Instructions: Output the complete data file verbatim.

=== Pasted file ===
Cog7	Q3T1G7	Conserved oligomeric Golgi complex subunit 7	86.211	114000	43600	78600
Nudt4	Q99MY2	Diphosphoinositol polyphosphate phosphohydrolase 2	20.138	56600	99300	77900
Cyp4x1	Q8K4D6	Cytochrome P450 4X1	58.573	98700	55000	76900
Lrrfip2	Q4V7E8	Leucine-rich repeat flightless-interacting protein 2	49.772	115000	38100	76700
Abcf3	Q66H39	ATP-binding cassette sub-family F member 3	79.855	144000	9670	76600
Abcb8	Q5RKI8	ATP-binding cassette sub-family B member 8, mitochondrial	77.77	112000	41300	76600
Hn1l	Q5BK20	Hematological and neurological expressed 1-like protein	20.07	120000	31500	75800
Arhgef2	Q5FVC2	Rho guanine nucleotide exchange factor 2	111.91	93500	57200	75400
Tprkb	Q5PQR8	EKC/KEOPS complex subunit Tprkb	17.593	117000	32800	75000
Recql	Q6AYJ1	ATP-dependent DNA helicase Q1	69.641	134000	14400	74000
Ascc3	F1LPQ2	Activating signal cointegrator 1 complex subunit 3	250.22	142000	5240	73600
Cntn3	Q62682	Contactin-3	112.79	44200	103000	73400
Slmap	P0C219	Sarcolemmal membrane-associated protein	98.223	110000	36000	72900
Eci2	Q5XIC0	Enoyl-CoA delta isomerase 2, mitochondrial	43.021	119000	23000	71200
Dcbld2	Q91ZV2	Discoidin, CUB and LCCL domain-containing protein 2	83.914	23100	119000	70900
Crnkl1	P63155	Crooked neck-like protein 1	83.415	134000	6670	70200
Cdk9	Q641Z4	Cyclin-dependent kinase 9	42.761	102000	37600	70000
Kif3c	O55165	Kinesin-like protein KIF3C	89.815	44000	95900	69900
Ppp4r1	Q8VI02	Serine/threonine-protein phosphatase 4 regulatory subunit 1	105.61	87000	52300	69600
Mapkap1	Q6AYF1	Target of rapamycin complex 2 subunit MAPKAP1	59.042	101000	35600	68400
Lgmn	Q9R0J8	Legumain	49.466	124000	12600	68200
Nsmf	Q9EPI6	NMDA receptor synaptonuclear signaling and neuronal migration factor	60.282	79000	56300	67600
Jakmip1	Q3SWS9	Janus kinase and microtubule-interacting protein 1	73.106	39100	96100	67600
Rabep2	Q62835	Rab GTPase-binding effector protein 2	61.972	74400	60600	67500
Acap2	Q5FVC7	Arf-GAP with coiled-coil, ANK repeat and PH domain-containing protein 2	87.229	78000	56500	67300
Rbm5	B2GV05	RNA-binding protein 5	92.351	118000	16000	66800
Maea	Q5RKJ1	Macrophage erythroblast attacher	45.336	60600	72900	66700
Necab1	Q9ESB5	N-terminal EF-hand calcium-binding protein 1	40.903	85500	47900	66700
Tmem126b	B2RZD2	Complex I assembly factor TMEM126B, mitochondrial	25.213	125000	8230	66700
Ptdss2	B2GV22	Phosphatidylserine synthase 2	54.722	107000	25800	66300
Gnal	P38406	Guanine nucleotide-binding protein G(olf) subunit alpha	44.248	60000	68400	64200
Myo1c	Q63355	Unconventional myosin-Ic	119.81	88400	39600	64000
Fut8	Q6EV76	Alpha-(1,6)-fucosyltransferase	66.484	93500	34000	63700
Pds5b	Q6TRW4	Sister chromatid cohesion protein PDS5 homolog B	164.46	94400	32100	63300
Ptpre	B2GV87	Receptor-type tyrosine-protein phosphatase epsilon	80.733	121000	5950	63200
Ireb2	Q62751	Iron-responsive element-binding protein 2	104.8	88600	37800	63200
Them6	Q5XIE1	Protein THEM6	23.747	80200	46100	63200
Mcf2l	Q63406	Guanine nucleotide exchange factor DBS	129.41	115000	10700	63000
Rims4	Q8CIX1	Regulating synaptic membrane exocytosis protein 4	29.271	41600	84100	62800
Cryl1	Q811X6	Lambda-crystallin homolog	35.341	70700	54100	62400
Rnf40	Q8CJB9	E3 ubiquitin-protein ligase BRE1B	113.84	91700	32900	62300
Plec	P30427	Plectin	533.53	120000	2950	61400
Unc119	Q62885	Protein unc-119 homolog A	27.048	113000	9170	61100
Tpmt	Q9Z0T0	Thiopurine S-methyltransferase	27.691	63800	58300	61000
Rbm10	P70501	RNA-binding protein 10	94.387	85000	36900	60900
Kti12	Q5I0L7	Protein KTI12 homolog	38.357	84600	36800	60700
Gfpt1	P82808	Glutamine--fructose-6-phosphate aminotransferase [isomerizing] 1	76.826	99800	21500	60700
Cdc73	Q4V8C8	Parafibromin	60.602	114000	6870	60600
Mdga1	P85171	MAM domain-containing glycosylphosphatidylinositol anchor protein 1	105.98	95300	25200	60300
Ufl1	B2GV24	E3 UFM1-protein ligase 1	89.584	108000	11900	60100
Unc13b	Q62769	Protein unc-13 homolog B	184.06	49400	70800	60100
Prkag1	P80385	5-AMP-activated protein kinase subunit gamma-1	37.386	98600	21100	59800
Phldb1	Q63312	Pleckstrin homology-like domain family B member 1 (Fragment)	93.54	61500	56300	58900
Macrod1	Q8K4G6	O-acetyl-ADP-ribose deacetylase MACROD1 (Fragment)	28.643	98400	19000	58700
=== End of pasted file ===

Cog7	Q3T1G7	Conserved oligomeric Golgi complex subunit 7	86.211	114000	43600	78600
Nudt4	Q99MY2	Diphosphoinositol polyphosphate phosphohydrolase 2	20.138	56600	99300	77900
Cyp4x1	Q8K4D6	Cytochrome P450 4X1	58.573	98700	55000	76900
Lrrfip2	Q4V7E8	Leucine-rich repeat flightless-interacting protein 2	49.772	115000	38100	76700
Abcf3	Q66H39	ATP-binding cassette sub-family F member 3	79.855	144000	9670	76600
Abcb8	Q5RKI8	ATP-binding cassette sub-family B member 8, mitochondrial	77.77	112000	41300	76600
Hn1l	Q5BK20	Hematological and neurological expressed 1-like protein	20.07	120000	31500	75800
Arhgef2	Q5FVC2	Rho guanine nucleotide exchange factor 2	111.91	93500	57200	75400
Tprkb	Q5PQR8	EKC/KEOPS complex subunit Tprkb	17.593	117000	32800	75000
Recql	Q6AYJ1	ATP-dependent DNA helicase Q1	69.641	134000	14400	74000
Ascc3	F1LPQ2	Activating signal cointegrator 1 complex subunit 3	250.22	142000	5240	73600
Cntn3	Q62682	Contactin-3	112.79	44200	103000	73400
Slmap	P0C219	Sarcolemmal membrane-associated protein	98.223	110000	36000	72900
Eci2	Q5XIC0	Enoyl-CoA delta isomerase 2, mitochondrial	43.021	119000	23000	71200
Dcbld2	Q91ZV2	Discoidin, CUB and LCCL domain-containing protein 2	83.914	23100	119000	70900
Crnkl1	P63155	Crooked neck-like protein 1	83.415	134000	6670	70200
Cdk9	Q641Z4	Cyclin-dependent kinase 9	42.761	102000	37600	70000
Kif3c	O55165	Kinesin-like protein KIF3C	89.815	44000	95900	69900
Ppp4r1	Q8VI02	Serine/threonine-protein phosphatase 4 regulatory subunit 1	105.61	87000	52300	69600
Mapkap1	Q6AYF1	Target of rapamycin complex 2 subunit MAPKAP1	59.042	101000	35600	68400
Lgmn	Q9R0J8	Legumain	49.466	124000	12600	68200
Nsmf	Q9EPI6	NMDA receptor synaptonuclear signaling and neuronal migration factor	60.282	79000	56300	67600
Jakmip1	Q3SWS9	Janus kinase and microtubule-interacting protein 1	73.106	39100	96100	67600
Rabep2	Q62835	Rab GTPase-binding effector protein 2	61.972	74400	60600	67500
Acap2	Q5FVC7	Arf-GAP with coiled-coil, ANK repeat and PH domain-containing protein 2	87.229	78000	56500	67300
Rbm5	B2GV05	RNA-binding protein 5	92.351	118000	16000	66800
Maea	Q5RKJ1	Macrophage erythroblast attacher	45.336	60600	72900	66700
Necab1	Q9ESB5	N-terminal EF-hand calcium-binding protein 1	40.903	85500	47900	66700
Tmem126b	B2RZD2	Complex I assembly factor TMEM126B, mitochondrial	25.213	125000	8230	66700
Ptdss2	B2GV22	Phosphatidylserine synthase 2	54.722	107000	25800	66300
Gnal	P38406	Guanine nucleotide-binding protein G(olf) subunit alpha	44.248	60000	68400	64200
Myo1c	Q63355	Unconventional myosin-Ic	119.81	88400	39600	64000
Fut8	Q6EV76	Alpha-(1,6)-fucosyltransferase	66.484	93500	34000	63700
Pds5b	Q6TRW4	Sister chromatid cohesion protein PDS5 homolog B	164.46	94400	32100	63300
Ptpre	B2GV87	Receptor-type tyrosine-protein phosphatase epsilon	80.733	121000	5950	63200
Ireb2	Q62751	Iron-responsive element-binding protein 2	104.8	88600	37800	63200
Them6	Q5XIE1	Protein THEM6	23.747	80200	46100	63200
Mcf2l	Q63406	Guanine nucleotide exchange factor DBS	129.41	115000	10700	63000
Rims4	Q8CIX1	Regulating synaptic membrane exocytosis protein 4	29.271	41600	84100	62800
Cryl1	Q811X6	Lambda-crystallin homolog	35.341	70700	54100	62400
Rnf40	Q8CJB9	E3 ubiquitin-protein ligase BRE1B	113.84	91700	32900	62300
Plec	P30427	Plectin	533.53	120000	2950	61400
Unc119	Q62885	Protein unc-119 homolog A	27.048	113000	9170	61100
Tpmt	Q9Z0T0	Thiopurine S-methyltransferase	27.691	63800	58300	61000
Rbm10	P70501	RNA-binding protein 10	94.387	85000	36900	60900
Kti12	Q5I0L7	Protein KTI12 homolog	38.357	84600	36800	60700
Gfpt1	P82808	Glutamine--fructose-6-phosphate aminotransferase [isomerizing] 1	76.826	99800	21500	60700
Cdc73	Q4V8C8	Parafibromin	60.602	114000	6870	60600
Mdga1	P85171	MAM domain-containing glycosylphosphatidylinositol anchor protein 1	105.98	95300	25200	60300
Ufl1	B2GV24	E3 UFM1-protein ligase 1	89.584	108000	11900	60100
Unc13b	Q62769	Protein unc-13 homolog B	184.06	49400	70800	60100
Prkag1	P80385	5-AMP-activated protein kinase subunit gamma-1	37.386	98600	21100	59800
Phldb1	Q63312	Pleckstrin homology-like domain family B member 1 (Fragment)	93.54	61500	56300	58900
Macrod1	Q8K4G6	O-acetyl-ADP-ribose deacetylase MACROD1 (Fragment)	28.643	98400	19000	58700